It followed that, days later, this heroine found herself aboard a commercial airliner heading for a summit of like-minded individuals. The assembly’s featured speakers were to be, respectively; a scientist devoted to saving the toads, which reside only within the bowels of New York City’s sewer pipes, and an entrepreneur who promised to direct ten per cent of his company’s profit on weed killers prone to herbicide volatilisation to further the study of the recent decrease in population of Albanian dust mites, especially as that demise was occurring in Elbasan and in Maliq.

She hugged her roller bag as she sat in the departures hall. Within its confines were: an airplane pillow, dental products, underwear, hair products, tea tree cream, bath salts, and a pair of florescent orange sneakers. In her wallet, to boot, she had stashed scraps containing important phone numbers, such as contact information for local “friends” with whom she might couch surf. She also clutched a lone USB stick.

After she was forced to stow her bag twenty aisles away, not having known that the airlines had taken to auctioning off not only snackies but also overhead compartment space, she found her seat. The gentleman, who had claimed the one next to hers had been permitted by the cabin crew, amazingly, to carry on board a miniature cooler.

When their plane was over Kansas, he revealed that his lunch bucket was filled with salami, concord grapes, and individually wrapped endive leaves. Muttering something about conspiracies, he gobbled his provisions while spewing copious amounts of saliva. As he scoffed his comestibles, he read handwritten letters. The man had carried no electronic devices of any nature on his person or in his small, wheeled suitcase.

“Mild winters are ahead,” was all that he had muttered to the mom before falling asleep in such a fashion that he drooled over her otherwise immaculate travel hoodie. Every few beats, he exhaled deli-enhanced breath in her direction. What’s more, he snored.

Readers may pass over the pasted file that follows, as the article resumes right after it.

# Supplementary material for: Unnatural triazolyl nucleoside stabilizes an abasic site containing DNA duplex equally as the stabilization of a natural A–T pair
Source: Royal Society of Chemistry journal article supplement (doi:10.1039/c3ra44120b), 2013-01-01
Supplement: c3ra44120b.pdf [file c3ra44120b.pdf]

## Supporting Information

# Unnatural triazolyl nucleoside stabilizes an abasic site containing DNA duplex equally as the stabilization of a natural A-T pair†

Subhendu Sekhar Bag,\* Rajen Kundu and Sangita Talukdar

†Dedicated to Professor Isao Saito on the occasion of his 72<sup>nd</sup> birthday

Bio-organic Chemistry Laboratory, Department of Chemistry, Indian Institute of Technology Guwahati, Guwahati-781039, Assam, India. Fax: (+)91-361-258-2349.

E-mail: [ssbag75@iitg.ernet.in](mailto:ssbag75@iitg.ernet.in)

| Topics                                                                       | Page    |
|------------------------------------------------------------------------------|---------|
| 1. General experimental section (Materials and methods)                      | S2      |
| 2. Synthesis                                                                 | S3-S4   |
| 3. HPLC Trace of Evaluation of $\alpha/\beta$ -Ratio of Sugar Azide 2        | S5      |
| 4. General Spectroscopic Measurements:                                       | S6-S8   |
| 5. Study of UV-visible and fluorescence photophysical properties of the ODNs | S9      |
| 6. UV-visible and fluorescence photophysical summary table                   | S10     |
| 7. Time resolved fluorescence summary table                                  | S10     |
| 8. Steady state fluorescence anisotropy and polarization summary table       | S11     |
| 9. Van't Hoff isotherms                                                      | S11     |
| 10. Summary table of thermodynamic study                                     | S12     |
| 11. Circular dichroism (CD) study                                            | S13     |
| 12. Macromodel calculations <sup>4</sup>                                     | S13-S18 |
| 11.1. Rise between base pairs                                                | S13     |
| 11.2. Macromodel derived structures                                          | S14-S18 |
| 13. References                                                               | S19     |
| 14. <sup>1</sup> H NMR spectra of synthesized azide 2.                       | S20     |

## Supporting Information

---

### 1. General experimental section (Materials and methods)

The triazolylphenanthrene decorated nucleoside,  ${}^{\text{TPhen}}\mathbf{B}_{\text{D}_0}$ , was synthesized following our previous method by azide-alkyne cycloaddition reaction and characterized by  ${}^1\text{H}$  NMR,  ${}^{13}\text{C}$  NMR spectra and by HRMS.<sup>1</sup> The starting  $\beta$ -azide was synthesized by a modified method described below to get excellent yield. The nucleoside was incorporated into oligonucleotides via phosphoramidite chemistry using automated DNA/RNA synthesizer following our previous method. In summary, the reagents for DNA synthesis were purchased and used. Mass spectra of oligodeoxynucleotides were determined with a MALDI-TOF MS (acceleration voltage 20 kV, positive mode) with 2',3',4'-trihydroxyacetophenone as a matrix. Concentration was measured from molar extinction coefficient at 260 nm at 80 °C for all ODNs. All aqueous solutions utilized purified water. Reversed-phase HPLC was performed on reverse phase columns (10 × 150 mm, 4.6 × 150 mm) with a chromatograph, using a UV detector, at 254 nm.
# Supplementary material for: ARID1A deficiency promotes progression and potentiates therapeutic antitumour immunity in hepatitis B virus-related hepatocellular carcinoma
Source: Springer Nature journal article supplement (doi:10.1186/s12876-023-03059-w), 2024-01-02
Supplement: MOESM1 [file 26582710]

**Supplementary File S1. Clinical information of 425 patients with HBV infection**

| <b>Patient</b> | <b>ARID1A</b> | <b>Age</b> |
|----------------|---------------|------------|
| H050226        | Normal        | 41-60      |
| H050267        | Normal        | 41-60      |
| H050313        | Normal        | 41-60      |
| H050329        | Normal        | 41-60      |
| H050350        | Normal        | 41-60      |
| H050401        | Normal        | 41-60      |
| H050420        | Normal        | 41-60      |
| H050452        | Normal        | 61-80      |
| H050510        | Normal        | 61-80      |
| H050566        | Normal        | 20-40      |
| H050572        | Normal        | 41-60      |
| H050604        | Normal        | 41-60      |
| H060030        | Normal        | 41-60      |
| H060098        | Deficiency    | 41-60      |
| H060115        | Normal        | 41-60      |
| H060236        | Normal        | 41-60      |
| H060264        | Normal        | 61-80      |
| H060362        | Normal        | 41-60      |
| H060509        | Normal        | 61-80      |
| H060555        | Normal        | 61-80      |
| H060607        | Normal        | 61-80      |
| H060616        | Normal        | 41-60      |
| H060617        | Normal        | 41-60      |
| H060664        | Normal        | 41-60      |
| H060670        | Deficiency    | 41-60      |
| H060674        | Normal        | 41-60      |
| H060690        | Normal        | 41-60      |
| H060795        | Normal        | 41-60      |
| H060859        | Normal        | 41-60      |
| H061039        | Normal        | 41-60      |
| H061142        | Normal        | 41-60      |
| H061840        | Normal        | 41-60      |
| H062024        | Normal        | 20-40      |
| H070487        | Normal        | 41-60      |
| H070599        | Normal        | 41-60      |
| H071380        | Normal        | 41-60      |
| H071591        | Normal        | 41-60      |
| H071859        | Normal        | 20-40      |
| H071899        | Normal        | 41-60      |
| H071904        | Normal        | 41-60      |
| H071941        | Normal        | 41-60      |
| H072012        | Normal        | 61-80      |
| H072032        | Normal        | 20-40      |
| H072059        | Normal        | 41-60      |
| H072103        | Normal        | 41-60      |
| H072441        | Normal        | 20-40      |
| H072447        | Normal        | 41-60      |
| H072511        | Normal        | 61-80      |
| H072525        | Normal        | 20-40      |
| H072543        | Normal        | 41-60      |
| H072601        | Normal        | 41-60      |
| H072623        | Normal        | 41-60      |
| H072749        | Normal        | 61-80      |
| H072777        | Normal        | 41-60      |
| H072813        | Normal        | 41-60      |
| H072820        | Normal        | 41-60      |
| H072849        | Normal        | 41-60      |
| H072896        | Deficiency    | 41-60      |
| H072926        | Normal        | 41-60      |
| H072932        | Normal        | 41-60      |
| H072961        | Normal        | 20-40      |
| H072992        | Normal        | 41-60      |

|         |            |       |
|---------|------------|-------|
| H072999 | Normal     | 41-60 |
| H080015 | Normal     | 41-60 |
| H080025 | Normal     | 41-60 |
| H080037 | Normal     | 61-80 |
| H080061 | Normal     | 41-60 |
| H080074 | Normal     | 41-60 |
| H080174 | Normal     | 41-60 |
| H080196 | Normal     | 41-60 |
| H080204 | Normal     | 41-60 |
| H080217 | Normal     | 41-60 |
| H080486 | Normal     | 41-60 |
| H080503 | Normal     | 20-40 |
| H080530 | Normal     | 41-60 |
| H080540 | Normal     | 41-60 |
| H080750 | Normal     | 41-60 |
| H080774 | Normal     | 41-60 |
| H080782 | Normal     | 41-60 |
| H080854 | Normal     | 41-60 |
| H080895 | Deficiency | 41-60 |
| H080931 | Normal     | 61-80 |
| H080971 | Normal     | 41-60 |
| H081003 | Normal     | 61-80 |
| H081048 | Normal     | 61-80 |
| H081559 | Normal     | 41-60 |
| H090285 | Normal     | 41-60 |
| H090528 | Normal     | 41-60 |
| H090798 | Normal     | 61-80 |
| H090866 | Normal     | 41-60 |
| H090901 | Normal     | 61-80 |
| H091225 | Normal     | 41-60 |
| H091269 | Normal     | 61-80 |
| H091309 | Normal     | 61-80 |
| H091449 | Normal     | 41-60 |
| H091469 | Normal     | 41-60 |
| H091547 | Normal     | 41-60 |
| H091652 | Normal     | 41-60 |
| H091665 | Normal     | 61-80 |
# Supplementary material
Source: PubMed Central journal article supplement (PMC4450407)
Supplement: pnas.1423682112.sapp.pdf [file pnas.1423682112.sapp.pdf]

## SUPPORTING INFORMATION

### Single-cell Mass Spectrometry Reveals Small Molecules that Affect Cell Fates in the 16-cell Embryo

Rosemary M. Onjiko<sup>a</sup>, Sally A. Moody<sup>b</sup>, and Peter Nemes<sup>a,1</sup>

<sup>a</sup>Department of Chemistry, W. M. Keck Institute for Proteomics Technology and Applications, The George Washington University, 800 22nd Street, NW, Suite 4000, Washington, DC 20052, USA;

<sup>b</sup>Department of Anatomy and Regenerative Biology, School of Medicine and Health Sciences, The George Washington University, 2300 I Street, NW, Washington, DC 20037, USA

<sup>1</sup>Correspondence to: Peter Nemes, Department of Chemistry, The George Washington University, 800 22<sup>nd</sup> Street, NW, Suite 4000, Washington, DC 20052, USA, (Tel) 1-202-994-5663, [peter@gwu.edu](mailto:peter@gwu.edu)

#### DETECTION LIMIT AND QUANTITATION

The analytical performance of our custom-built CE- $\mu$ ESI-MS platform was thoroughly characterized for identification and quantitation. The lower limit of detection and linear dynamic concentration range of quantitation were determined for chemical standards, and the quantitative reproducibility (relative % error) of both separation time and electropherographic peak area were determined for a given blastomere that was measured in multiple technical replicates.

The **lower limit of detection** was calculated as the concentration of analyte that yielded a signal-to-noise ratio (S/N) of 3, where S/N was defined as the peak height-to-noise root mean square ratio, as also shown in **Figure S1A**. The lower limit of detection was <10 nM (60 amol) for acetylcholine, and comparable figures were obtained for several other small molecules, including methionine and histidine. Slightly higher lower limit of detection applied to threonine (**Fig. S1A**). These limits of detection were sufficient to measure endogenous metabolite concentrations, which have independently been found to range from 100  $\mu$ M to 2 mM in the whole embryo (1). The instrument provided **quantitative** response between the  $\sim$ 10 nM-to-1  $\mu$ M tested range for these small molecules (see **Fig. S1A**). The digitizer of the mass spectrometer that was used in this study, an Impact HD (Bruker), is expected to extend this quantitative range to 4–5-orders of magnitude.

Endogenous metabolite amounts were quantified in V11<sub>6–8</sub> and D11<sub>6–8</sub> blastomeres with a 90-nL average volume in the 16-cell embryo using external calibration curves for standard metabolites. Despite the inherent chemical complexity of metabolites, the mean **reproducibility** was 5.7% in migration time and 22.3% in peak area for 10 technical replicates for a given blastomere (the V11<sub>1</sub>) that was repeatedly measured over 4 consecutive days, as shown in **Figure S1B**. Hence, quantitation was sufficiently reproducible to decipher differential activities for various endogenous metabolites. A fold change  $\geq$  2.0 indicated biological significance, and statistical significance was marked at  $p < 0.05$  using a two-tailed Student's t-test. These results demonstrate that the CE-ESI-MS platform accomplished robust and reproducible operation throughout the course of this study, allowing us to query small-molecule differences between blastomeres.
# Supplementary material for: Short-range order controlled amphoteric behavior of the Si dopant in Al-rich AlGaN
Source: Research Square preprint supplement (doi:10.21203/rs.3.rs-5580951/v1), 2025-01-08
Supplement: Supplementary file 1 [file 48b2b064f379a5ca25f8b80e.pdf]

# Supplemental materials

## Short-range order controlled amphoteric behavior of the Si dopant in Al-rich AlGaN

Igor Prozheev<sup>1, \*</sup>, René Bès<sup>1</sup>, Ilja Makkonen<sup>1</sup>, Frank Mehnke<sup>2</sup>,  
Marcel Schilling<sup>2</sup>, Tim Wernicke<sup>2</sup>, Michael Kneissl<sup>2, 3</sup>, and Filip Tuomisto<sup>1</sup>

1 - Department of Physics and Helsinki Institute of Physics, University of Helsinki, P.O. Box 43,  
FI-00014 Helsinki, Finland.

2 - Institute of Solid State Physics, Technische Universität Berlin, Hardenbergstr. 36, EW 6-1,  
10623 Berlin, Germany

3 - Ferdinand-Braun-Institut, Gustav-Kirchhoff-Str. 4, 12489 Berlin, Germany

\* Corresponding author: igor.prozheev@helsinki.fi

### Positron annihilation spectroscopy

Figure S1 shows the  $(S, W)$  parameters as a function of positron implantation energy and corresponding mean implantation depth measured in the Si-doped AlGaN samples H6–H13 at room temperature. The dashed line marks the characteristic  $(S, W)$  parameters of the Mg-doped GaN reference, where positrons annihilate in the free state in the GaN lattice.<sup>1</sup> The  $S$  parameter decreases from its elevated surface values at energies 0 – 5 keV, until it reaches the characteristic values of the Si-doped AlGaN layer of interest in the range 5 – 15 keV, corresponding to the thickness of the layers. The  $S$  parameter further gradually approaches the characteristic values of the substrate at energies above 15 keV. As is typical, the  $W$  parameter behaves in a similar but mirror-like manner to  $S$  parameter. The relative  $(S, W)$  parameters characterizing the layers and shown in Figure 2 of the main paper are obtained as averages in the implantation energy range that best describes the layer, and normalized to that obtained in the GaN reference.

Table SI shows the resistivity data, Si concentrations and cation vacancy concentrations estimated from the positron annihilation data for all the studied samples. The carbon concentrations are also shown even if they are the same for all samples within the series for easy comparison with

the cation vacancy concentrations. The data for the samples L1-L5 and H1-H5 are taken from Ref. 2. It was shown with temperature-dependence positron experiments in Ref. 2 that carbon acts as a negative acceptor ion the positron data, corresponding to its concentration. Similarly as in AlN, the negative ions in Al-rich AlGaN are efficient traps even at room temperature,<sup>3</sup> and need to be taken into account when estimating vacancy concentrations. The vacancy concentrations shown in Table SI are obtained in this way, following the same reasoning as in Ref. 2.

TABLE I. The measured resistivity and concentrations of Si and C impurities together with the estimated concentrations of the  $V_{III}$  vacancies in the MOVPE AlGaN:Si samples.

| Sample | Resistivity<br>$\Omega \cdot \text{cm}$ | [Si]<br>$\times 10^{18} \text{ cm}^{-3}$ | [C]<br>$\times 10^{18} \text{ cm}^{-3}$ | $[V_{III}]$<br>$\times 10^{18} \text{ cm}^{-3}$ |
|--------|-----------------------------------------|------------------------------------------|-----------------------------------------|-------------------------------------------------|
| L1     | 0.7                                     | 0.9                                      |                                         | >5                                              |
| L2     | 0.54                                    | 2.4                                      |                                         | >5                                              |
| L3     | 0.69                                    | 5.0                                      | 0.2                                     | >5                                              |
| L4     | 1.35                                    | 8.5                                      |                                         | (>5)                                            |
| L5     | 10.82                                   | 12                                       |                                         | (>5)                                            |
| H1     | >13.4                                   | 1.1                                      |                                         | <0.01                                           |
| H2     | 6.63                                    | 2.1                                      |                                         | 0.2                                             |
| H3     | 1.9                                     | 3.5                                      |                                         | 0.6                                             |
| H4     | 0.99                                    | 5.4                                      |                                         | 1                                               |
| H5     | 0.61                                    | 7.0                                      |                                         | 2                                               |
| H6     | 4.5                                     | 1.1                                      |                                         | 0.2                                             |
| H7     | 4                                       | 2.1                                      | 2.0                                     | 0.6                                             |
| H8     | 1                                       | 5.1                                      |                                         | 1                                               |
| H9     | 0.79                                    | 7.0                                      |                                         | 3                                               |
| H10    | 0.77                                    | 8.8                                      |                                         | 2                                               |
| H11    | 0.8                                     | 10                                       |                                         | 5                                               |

Despite all, the mom spent the flight contemplating how to urge bikers, hikers, and would-be divas of the cyberworld to assemble in support of her town’s soon-to-be frozen hedgehogs. It was already late October. Soon, many furze-pigs would suffer from numb limbs. She needed Champions!

When the landing chimes sounded, the lady’s seatmate woke and fastened his seatbelt. However, he neglected to restore his table tray to its upright position. His snail mail, a scattering of grape seeds, plus a few of his business cards rained upon her. His horrified look spoke the answer to her fundraising dilemma.

Her travel companion was a writer of some journalistic prominence. Mastering heretofore unknown depths of maternal guilt, she successfully urged him to invite his readers to share her journey of personal growth and self-development, i.e. to help her fabricate or to pay for other people to create winter garments for her neighborhood’s wee, prickly creatures.

Truth be known, when they deboarded, the man had brushed her off as a nuisance with whom he would never again have to contend. In spite of this, as he was mostly illiterate in the ways and means of convergent media, that columnist had lacked the prescience that the mom might try to blackmail him with a YouTube video of what it was like to fly seated next to such a slob.